The Dominican Republic is a country known to many for its all-inclusive beach resorts; a place where you can bask in sunshine and turquoise waters while indulging in food and drink and swaying to the sounds of Latin music.

Fewer people know the Dominican Republic as a country chock-full of incredible history: powerful resistance movements; passionate human rights protests. Did you know that the country was one of the first to open its borders to Jews fleeing Nazi Germany?


Just a few months ago, I traveled to the Caribbean Island not for a sunny beach vacation, but to understand some of the complex social issues the nation is facing in the present day. Based in Santo Domingo, the country’s largest and capital city, I was charged with the task of learning about the specific challenges faced by different minority groups. The goal: to return back to the United States with stories and anecdotes that would inform my advocacy work with an international development agency. In order to strengthen my voice on behalf of those in the country, it was important that I begin to see and understand, first-hand, what individuals’ needs are on the ground.

“Don’t we all travel to relax and to expand our understanding of the world?”

Although much of my time was spent meeting with fearless leaders and organizations working to create social change, I was also able to explore Santo Domingo quite a bit. What a charming city! It offers a wonderful glimpse into the country’s history and culture and boats some fabulous restaurants and shops. True, it does not necessarily accommodate the traveler looking to lie on white sand and catch some rays – but don’t we all travel to relax and to expand our understanding of the world?

Check out some of my recommendations below:

Santo-Domingo-Dominican-RepublicTo Stay: Check out options in the Zona Colonial

This is the main tourist hub of the city, and rightly so. Beautiful, old architecture lines the narrow streets; doors and windows are painted in bright, bold colors. The main drag is the Calle de Conde, a cobblestone street open only to pedestrians with lots of shops, restaurants, and food and art vendors lining its sides. There are plenty of hotel options, from budget-friendly to budget-busting. I stayed at the Hotel Mercure which had its own restaurant that served breakfast every morning, as well as a patio that spilled right onto the Conde – a great people-watching spot!

To Eat: Wander through the Plaza de España

Also in the Zona Colonial is the Plaza de España, a large open area where many tourists and locals come to unwind. There are lots of restaurants to choose from, most offering seating just adjacent to the plaza where you’ll have a front-row seat for any live music or entertainment taking place. A favorite that I kept returning to was Pura Tasca; they serve great tapas and delicious sangria. Desert was the most mouth-watering: ice cream drenched in nutella, served with lychees and pop-rocks candy.

“Getting to the Plaza de España will require you to walk along the Calle de Las Damas, the oldest paved street in the Americas, dating back to 1502.”

Another popular, albeit more expensive, dining option is Pat’e Palo. It boasts a European-Caribbean fusion menu with lots of delicious options to choose from. Most noteworthy, perhaps, is the restaurant’s décor: each room has a completely different feel, from a classic library, to a centuries-old dining room, to an exquisitely modern lounge.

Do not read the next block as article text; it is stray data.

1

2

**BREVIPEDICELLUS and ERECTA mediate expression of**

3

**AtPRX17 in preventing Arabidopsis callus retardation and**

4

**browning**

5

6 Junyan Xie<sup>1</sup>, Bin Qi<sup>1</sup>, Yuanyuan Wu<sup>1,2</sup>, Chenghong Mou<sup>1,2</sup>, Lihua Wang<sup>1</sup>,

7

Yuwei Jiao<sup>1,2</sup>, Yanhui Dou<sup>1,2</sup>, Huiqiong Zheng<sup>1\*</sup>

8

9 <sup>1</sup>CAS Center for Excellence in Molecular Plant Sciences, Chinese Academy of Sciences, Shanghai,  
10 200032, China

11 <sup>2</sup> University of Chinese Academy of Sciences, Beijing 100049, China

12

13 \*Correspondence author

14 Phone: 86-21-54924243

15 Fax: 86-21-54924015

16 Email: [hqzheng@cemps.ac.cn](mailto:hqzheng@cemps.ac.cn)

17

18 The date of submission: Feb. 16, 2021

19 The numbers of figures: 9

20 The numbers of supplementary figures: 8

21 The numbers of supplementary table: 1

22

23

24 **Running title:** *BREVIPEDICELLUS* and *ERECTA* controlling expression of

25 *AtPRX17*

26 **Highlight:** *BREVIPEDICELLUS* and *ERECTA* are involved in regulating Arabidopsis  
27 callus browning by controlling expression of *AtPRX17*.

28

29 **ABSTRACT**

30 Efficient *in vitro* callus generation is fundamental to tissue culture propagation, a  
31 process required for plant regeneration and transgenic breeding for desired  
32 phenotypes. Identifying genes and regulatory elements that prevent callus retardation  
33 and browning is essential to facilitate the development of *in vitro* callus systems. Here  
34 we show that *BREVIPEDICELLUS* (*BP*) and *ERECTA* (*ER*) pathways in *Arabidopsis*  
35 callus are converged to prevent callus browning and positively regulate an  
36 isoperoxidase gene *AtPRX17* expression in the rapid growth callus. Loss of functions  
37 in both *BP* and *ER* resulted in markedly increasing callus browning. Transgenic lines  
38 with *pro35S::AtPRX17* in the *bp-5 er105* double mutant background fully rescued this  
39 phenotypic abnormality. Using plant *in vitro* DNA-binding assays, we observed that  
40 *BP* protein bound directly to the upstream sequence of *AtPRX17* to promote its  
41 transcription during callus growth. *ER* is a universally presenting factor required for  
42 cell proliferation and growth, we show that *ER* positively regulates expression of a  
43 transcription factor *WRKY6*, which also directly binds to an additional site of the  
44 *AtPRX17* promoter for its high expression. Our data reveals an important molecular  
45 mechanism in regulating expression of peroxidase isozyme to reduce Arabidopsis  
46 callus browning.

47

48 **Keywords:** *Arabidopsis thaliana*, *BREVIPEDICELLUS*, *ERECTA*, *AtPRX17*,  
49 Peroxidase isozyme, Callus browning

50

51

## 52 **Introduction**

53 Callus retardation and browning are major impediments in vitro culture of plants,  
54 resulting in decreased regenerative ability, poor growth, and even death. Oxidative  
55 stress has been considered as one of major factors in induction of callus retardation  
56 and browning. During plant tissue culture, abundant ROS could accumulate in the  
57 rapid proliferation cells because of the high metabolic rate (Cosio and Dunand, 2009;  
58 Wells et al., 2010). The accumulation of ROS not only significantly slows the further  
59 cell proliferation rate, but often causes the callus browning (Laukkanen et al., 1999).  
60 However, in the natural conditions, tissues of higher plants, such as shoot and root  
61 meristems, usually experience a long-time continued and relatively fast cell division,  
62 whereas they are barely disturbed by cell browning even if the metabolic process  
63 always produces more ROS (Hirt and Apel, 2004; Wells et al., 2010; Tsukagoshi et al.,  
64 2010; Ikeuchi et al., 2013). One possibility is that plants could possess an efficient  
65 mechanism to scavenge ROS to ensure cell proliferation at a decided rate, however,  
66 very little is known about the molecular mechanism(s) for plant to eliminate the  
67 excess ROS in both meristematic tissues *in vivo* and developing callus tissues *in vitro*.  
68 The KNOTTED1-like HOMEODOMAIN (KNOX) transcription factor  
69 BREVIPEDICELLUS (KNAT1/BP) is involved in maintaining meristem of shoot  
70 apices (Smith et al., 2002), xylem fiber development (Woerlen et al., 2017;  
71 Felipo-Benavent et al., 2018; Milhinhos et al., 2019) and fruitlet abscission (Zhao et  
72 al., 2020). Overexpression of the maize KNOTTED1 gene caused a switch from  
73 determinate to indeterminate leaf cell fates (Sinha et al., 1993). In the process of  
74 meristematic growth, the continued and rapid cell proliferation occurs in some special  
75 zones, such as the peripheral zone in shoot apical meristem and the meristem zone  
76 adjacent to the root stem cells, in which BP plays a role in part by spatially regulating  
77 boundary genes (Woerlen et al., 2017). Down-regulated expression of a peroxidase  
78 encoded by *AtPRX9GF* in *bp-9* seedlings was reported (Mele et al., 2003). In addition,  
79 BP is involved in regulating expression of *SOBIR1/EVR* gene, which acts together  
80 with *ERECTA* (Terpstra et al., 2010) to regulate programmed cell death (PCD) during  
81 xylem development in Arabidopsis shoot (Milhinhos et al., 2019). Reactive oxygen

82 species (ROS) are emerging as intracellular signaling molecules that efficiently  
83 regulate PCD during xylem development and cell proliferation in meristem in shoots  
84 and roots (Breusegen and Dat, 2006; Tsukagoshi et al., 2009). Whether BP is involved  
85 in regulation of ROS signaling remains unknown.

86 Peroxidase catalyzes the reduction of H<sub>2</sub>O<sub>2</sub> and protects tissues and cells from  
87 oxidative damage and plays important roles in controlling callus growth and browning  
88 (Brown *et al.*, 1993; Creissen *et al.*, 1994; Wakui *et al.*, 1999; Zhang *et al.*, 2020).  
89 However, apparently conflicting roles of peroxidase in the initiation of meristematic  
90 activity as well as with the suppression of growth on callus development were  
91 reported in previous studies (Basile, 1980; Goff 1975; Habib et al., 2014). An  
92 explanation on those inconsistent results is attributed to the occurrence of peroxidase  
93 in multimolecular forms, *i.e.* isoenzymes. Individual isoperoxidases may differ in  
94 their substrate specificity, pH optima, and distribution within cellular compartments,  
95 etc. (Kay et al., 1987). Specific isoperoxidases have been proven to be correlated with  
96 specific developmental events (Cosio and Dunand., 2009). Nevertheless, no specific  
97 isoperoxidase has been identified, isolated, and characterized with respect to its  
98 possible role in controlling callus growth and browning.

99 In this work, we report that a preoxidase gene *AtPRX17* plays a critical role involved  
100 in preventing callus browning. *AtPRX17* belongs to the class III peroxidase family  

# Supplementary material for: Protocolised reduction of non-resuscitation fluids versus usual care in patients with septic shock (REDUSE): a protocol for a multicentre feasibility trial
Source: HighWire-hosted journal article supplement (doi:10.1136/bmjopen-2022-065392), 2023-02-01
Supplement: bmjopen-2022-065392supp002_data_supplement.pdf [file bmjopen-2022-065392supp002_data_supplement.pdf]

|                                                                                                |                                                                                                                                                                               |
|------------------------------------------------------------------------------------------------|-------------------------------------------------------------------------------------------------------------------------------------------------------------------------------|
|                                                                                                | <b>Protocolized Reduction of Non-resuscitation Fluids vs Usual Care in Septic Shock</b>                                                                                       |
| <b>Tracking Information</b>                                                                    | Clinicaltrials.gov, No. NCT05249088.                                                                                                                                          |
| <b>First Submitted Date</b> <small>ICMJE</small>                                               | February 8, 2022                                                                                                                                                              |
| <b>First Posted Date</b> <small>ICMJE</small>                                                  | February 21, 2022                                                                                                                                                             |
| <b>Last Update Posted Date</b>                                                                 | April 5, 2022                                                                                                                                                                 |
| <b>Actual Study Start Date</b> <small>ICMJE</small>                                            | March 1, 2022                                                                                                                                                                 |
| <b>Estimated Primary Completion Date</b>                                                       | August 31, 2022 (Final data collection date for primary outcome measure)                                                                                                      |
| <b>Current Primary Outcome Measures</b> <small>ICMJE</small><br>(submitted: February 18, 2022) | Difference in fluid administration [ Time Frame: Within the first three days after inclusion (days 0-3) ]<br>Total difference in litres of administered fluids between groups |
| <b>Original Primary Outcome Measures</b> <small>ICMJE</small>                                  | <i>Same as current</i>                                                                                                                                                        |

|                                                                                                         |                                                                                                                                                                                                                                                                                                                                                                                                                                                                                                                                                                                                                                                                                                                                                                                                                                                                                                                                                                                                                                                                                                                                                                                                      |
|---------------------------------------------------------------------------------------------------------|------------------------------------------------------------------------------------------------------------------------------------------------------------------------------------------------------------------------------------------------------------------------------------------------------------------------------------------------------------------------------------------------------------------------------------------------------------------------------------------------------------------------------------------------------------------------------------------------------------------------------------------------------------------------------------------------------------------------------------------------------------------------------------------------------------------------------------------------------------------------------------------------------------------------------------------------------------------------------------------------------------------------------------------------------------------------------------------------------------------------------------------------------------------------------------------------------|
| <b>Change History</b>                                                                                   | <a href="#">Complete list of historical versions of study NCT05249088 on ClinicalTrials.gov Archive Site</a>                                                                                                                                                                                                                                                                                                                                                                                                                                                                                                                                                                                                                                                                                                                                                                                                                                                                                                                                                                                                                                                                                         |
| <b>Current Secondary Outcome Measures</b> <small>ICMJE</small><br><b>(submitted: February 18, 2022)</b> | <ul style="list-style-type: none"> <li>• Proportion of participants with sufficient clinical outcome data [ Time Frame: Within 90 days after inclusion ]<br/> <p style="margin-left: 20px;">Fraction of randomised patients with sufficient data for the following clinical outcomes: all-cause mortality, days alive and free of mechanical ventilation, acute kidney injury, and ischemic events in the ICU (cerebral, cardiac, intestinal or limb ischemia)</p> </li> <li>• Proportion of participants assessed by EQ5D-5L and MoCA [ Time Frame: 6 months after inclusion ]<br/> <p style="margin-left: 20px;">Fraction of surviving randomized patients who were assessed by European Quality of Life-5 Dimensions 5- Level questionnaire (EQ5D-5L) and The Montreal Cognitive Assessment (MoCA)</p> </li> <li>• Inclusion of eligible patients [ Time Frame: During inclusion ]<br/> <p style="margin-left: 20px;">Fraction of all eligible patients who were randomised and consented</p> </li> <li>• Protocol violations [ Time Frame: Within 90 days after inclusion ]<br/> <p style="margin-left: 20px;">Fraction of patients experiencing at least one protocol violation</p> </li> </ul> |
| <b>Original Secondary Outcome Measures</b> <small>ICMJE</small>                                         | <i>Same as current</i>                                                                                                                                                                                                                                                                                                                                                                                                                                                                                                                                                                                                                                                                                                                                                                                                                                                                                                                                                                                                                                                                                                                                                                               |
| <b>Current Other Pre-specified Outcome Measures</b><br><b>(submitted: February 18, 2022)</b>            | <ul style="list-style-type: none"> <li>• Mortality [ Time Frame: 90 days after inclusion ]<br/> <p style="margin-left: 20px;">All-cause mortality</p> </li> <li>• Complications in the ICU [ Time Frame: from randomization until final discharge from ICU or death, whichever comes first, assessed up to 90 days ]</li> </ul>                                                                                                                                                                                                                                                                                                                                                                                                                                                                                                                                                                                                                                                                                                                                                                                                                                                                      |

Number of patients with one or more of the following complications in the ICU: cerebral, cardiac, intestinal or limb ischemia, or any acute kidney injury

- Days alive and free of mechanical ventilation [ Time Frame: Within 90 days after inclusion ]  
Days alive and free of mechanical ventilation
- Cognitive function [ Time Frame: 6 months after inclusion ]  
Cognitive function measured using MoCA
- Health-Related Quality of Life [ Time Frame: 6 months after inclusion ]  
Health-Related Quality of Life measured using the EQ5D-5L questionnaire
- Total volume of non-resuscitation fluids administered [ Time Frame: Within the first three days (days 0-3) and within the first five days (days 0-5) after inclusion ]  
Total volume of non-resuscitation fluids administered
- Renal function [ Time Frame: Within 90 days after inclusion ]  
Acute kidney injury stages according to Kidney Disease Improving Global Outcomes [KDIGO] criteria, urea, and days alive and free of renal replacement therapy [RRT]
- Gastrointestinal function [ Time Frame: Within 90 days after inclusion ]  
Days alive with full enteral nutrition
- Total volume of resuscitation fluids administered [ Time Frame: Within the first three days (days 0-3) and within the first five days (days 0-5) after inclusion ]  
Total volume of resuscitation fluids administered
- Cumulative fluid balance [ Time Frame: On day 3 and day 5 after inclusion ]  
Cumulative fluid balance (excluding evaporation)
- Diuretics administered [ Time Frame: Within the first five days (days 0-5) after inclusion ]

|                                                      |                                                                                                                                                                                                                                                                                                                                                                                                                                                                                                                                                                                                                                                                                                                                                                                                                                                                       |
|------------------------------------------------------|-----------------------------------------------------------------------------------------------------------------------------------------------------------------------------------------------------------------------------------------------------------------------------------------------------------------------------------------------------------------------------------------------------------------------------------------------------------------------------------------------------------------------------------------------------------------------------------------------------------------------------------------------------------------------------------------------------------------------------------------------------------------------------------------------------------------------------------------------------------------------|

Fun fact: Getting to the Plaza de España will require you to walk along the Calle de Las Damas, the oldest paved street in the Americas, dating back to 1502.

To Exercise: Run or walk along the Malecón

The Malecón is Santo Domingo’s oceanfront promenade, easily accessible from the Zona Colonial. It spans several miles from east to west and the farther west you head, the more “tourist-friendly” it becomes, with hotels, bars, restaurants, and frozen yogurt shops lining the street.

The Malecón is a very popular running and exercise spot for locals, too; there are even outdoor gyms set up with body and hand weight machines available for use. Although quieter in the mornings, it always felt safe and I never sensed that I was out of place.


Note: the term “oceanfront” can be deceiving. Santo Domingo’s beaches, particularly near the Zona Colonial, are not ideal for swimming. It is fun to walk or run alongside the water to get a glimpse of how the resource is used by the public, but it’s unlikely that you’ll be taking a dip once you’ve completed your exercise routine.

To Learn: Museums galore!


There are many museums to explore in Santo Domingo, including the anthropological museum, the Columbus Alcazar (the oldest “palace” in the Americas, built by Christopher Columbus’ son), and the Ozama Fort (a 16th century castle erected by the Spanish). On a side street parallel to the Calle de Conde is the Museum of the Resistance, which details the history of the movement against former President Rafael Trujillo and the atrocities committed under his rule. It has been estimated that Trujillo’s tyrannical rule was responsible for the death of over 50,000 people; the story is well-told in the book “In the Time of the Butterflies” by Julia Alvarez.

To Unwind: A visit to Tres Ojas

Tres Ojas is located about 15 minutes outside of Santo Domingo and is reminiscent of Mexico’s cenotes: a series of underground lakes and caves surrounded by limestone cliffs. Although you cannot swim in the lakes (as you can in the cenotes), there is an opportunity to ride on a small boat from one to the other. Spending time at Tres Ojas can be a nice way to break up a day; you won’t need more than a couple of hours there.

So… what’s holding you back?

The world awaits.